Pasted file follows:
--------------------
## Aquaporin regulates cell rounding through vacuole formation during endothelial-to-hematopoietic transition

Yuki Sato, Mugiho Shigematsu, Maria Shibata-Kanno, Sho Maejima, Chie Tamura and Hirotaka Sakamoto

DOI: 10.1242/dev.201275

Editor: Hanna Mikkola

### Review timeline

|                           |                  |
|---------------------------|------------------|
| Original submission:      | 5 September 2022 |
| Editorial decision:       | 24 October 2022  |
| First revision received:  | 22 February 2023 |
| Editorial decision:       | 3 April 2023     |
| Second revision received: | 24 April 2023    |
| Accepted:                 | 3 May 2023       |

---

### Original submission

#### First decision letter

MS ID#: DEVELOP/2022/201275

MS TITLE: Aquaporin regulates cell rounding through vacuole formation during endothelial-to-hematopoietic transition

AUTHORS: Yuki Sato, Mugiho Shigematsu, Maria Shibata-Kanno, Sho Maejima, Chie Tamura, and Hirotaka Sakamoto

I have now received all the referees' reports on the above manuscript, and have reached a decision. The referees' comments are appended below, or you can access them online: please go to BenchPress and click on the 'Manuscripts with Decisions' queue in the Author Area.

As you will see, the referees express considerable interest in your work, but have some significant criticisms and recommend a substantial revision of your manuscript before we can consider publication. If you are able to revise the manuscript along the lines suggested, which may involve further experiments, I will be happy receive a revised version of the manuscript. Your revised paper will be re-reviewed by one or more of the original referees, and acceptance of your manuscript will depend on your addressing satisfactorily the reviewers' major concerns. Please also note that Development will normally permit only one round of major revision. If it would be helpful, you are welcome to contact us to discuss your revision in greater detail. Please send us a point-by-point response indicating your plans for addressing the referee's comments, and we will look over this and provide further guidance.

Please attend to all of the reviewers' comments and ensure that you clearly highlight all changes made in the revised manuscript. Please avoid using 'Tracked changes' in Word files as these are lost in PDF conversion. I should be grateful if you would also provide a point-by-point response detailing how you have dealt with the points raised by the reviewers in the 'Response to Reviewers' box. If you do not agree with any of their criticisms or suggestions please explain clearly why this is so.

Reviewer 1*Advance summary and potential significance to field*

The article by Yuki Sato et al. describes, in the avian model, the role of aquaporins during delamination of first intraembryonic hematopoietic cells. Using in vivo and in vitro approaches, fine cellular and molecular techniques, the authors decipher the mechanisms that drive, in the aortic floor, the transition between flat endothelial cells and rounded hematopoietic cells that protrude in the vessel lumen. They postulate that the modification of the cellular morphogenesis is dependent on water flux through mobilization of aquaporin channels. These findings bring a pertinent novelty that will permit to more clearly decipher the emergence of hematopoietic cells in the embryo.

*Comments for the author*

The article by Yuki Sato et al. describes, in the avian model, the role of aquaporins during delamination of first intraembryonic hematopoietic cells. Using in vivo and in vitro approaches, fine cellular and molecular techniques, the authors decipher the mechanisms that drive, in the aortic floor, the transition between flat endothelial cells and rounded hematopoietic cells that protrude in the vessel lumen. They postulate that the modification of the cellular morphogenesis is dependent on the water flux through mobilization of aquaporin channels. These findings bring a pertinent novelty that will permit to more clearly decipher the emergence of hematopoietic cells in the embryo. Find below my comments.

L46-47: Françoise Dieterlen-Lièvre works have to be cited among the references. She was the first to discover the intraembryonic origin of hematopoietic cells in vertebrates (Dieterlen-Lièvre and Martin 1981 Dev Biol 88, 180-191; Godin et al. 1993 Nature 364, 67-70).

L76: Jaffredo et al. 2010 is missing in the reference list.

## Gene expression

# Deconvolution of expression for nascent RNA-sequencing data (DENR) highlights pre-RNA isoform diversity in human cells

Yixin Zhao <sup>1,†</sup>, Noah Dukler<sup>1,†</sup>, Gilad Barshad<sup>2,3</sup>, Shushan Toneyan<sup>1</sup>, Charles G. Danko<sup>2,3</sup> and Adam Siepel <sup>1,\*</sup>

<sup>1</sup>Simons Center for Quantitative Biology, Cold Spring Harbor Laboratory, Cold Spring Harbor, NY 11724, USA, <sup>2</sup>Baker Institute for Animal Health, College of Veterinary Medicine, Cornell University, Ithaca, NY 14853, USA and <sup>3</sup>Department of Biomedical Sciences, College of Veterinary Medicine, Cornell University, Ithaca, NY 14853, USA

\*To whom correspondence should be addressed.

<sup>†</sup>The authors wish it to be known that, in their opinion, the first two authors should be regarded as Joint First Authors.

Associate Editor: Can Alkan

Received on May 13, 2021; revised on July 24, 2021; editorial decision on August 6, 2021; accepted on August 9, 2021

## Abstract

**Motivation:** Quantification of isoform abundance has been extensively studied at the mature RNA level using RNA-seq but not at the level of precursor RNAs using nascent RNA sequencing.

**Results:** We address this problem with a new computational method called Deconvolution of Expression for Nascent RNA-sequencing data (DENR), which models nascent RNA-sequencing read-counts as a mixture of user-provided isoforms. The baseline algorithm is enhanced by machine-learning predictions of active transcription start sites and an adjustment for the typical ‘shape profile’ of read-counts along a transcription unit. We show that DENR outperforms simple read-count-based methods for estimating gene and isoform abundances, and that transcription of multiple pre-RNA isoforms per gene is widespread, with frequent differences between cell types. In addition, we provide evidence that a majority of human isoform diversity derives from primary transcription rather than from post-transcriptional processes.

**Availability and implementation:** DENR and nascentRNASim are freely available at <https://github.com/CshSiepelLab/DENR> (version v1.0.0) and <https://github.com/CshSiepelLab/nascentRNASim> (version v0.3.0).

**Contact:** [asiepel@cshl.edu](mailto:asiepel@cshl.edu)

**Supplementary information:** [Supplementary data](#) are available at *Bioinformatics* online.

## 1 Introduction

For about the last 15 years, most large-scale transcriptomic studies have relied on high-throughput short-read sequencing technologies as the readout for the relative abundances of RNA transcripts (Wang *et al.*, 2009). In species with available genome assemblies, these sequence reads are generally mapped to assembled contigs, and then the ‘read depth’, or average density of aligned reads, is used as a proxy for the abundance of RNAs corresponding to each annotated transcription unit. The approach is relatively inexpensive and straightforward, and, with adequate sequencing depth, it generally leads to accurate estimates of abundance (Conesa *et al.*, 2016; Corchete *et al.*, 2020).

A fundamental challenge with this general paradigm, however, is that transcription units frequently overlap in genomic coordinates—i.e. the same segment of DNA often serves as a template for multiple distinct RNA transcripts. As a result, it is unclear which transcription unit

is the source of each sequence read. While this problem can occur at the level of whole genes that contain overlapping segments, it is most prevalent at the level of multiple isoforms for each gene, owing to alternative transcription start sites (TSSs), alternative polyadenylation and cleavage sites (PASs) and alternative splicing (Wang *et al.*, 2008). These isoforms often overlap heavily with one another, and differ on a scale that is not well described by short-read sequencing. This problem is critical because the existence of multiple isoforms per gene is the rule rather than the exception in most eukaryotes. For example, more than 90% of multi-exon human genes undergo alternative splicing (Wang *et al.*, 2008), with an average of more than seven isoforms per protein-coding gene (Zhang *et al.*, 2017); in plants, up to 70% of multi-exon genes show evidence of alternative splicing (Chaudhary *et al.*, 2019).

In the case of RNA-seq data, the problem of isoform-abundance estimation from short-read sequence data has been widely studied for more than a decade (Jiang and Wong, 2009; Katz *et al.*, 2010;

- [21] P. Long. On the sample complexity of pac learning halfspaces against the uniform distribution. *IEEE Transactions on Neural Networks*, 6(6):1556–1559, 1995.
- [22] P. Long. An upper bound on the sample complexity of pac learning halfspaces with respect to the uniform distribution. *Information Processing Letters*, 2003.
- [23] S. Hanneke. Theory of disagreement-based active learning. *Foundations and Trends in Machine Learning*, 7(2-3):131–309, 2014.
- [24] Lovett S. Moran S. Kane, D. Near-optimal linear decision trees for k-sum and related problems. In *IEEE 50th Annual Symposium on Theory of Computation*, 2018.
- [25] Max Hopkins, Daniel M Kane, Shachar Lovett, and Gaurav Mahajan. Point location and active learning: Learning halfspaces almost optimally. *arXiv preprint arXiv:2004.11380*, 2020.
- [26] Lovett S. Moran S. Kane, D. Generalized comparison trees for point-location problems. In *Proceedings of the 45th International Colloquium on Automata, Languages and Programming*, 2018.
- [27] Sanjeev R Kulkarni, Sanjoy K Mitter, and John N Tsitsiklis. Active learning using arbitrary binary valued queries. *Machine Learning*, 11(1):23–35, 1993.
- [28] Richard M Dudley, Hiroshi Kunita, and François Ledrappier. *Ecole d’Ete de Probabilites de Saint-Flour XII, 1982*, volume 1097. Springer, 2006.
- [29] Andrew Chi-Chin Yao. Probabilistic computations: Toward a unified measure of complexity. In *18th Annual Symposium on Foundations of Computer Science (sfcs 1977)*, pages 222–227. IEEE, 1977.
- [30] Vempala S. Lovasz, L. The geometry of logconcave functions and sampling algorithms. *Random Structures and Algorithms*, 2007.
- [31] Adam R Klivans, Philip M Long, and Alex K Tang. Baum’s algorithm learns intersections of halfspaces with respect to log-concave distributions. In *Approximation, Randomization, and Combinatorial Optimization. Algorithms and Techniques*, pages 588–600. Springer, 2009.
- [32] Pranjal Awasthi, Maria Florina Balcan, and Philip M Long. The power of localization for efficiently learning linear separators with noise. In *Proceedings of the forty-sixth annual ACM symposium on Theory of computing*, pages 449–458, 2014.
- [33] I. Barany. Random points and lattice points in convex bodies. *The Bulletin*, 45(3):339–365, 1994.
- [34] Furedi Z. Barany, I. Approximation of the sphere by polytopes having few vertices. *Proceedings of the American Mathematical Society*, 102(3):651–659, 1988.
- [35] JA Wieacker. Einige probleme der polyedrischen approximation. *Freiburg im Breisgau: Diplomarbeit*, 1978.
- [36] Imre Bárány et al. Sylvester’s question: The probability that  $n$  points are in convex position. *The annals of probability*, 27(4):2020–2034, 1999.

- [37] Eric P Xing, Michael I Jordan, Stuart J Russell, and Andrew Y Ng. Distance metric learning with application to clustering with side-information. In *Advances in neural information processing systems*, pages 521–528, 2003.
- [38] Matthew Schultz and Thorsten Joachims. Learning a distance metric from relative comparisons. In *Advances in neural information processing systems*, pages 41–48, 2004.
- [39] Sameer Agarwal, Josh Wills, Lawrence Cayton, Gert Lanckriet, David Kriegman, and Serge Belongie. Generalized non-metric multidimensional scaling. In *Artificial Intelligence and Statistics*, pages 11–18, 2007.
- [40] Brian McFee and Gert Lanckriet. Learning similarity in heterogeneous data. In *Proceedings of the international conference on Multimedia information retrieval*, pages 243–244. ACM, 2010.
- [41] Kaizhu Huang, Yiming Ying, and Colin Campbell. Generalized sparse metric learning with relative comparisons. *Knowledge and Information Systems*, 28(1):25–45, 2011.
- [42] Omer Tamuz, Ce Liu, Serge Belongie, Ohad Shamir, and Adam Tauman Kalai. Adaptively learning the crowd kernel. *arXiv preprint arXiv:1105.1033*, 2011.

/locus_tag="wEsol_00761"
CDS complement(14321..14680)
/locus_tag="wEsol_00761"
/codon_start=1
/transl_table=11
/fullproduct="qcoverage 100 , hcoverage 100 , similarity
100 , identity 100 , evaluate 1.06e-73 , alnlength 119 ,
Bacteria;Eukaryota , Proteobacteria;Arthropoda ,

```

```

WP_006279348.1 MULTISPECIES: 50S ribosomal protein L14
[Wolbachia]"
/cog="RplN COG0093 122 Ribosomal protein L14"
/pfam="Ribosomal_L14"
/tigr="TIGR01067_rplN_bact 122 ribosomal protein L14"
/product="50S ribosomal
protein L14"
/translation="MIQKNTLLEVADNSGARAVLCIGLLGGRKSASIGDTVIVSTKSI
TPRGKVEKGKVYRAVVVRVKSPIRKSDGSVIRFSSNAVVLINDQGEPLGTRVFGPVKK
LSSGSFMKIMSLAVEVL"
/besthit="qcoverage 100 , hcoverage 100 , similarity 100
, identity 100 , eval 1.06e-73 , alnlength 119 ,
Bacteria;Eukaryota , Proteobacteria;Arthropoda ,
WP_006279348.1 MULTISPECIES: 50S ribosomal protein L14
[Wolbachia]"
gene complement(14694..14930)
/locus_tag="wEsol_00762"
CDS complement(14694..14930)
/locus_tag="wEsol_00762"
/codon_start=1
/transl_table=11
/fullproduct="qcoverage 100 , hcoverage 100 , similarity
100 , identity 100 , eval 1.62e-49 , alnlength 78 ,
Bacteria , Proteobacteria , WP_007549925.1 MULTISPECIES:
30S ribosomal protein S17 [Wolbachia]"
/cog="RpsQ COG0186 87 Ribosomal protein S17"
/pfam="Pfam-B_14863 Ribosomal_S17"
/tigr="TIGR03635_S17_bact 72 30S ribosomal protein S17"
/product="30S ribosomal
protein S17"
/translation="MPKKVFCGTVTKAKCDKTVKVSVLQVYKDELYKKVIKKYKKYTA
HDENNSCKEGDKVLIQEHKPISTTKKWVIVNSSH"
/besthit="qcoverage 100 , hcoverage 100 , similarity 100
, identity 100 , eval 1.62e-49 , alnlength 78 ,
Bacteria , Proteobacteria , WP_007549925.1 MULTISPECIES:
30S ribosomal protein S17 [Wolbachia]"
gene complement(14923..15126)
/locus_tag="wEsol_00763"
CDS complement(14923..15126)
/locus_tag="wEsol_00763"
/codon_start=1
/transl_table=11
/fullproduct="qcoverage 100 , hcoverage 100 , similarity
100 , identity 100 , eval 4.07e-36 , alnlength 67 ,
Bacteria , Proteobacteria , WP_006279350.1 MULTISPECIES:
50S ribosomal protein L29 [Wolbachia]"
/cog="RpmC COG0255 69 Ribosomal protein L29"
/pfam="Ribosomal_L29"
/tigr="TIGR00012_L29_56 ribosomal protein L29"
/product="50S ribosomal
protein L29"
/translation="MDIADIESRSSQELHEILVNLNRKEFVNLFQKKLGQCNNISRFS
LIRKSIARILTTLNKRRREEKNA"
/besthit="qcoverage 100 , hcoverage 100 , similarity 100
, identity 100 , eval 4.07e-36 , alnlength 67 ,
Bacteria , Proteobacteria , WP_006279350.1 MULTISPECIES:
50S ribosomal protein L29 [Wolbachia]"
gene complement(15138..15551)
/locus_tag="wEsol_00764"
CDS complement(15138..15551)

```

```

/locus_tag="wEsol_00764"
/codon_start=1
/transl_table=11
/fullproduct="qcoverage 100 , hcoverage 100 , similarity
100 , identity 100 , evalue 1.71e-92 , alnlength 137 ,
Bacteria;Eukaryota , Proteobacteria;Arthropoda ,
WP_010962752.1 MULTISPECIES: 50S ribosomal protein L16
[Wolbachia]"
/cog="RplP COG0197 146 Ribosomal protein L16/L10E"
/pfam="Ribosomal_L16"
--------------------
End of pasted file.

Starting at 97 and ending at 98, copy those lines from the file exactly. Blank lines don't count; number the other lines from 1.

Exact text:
CDS complement(14694..14930)
/locus_tag="wEsol_00762"